The Matthews’ community theater presents a night of deception and suspense with the play, “Angel Street,” by Patrick Hamilton. Originally titled, “Gaslight,” the event runs Thursday through Sunday, Nov. 2-5, 2017. “Angel Street” is directed by Julie Walkins. The Thursday-Saturday performances start at 7:30 p.m., while the Sunday performance is at 2 p.m. This is the second event of the 2017-18 Subscription Series.
Individual tickets are $15 adults, $5 youth and BHSU students.
Thurs.-Sat.: 7:30 p.m.
Sundays: 2 pm.
Few plays have the staying power to be successfully performed 74 years after their creation. Even fewer plays have a premise so powerful, they coin a term still used by psychologists today — “Gaslight.” Angel Street by Patrick Hamilton, running October 26 through November 5, is one of those plays.
“Gaslight,” retitled “Angel Street” in the US, was the play that made Patrick Hamilton famous. When it opened late in 1938, he was, at 34, already regarded as a highly promising novelist, his standing recently bolstered by the final part of his semi-autobiographical trilogy, “20,000 Streets Under the Sky.”
He had also achieved–with his stage debut thriller “Rope”–almost 10 years earlier, the overnight notoriety of a sort not seen since Noël Coward’s, “The Vortex.” Nevertheless, his follow-up, subtitled “a Victorian thriller,” put him in a different league of fame and fortune.
There was adulation from reviewers, as well as his peers (Coward among them). George VI and Queen Elizabeth hastened to the Apollo Theatre to see what the fuss was about, and after a six-month run in the West End went on to wow Broadway for four years and inspired two film versions: the first British in 1940, the second American in 1944.
The play is set in fog-bound London in 1880 at the lower middle-class home of Jack Manningham and his wife, Bella. At the opening of the drama, Bella is clearly on edge, and the stern reproaches from her overbearing husband. What most perturbs Bella is Manningham’s unexplained disappearances from the house. He will not tell her where he is going, and this increases her anxiety. As the drama unfolds, it becomes clear that Manningham is intent on convincing Bella that she is going insane, even to the point of assuring her she is “imagining” the gas light in the house is dimming. The appearance of a police detective called Rough soon leads Bella to realize that Manningham is responsible for her torment. Rough explains that the apartment above was once occupied by one Alice Barlow, a wealthy woman who was murdered for her jewels but that the murderer never uncovered them.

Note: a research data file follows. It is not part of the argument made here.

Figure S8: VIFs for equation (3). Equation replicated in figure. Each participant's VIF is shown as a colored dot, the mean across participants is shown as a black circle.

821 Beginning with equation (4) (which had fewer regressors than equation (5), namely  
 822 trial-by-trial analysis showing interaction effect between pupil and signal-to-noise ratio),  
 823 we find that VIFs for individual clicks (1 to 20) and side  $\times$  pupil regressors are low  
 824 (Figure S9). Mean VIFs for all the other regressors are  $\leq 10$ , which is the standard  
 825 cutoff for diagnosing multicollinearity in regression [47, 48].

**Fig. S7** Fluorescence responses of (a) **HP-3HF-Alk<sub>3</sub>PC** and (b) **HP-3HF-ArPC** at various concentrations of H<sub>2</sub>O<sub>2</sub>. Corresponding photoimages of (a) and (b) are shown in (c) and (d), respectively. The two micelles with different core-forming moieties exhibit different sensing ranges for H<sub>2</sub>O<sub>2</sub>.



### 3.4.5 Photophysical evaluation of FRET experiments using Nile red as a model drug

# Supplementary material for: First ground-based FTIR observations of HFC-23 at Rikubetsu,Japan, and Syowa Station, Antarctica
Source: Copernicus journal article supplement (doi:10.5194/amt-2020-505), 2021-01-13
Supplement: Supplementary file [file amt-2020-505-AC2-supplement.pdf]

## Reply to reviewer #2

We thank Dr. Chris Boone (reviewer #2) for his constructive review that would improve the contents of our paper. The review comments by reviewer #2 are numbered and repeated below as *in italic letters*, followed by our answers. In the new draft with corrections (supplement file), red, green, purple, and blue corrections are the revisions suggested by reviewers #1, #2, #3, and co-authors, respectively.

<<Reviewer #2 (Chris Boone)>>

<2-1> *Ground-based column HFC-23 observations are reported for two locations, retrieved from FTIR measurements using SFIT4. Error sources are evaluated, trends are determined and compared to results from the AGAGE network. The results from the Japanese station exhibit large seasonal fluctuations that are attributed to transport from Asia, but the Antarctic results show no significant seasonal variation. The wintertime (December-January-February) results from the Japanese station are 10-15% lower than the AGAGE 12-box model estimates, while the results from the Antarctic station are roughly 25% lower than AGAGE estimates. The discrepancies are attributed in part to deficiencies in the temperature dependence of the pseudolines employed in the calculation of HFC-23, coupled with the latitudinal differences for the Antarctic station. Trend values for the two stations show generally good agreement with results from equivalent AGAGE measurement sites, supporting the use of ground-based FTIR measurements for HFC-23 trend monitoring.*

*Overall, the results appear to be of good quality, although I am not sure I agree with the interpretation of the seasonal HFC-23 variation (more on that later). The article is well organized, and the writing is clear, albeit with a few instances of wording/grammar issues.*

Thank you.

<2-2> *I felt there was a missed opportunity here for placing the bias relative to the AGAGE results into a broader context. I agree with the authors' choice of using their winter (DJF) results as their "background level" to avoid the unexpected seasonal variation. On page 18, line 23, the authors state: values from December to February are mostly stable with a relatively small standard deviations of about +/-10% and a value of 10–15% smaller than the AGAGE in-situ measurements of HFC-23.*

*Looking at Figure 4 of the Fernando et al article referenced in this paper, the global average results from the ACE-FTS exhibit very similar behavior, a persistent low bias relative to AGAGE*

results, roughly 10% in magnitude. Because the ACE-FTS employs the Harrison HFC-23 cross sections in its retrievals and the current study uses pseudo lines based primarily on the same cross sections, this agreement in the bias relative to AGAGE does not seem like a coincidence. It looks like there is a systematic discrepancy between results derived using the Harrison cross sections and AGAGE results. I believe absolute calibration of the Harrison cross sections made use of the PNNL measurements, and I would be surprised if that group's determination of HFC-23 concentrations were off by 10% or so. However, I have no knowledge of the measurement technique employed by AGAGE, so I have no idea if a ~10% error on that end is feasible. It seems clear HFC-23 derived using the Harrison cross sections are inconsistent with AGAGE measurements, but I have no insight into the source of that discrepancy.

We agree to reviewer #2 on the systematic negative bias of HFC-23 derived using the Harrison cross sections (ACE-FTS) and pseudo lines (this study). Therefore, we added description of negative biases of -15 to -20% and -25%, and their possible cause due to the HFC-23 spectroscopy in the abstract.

“Gaslight,” (known in the USA as “Angel Street”) the play and its film adaptations, gave rise to the term “gaslighting” with the meaning “a form of psychological abuse in which false information is presented to the victim with the intent of making him/her doubt his/her own memory and perception.”
Thank you to the sponsors that help us bring art shows, plays, concerts, and other live entertainment acts to The Matthews. We couldn’t do it without you.
KEVN Black Hills, South Dakota Arts Council, Great Western Bank, Killian’s Tavern, Black Hills Pioneer, Bay Leaf Cafe, City of Spearfish, DeSmet and Biggs, LLP, Forcoli & Sons Painting, Wolff’s Plumbing & Heating, Inc., Lucky’s 13 Pub, Spearfish Holiday Inn, The Apple Blossom B&B, Zonta Club of Spearfish, Spearfish Motors, Optimist Club of Spearfish, The Real Estate Center of Spearfish, The Matthews’ family, The Kelley family — CLICK HERE to visit these sponsors’ business websites.
Would your business like to become a sponsor? CLICK HERE to learn more.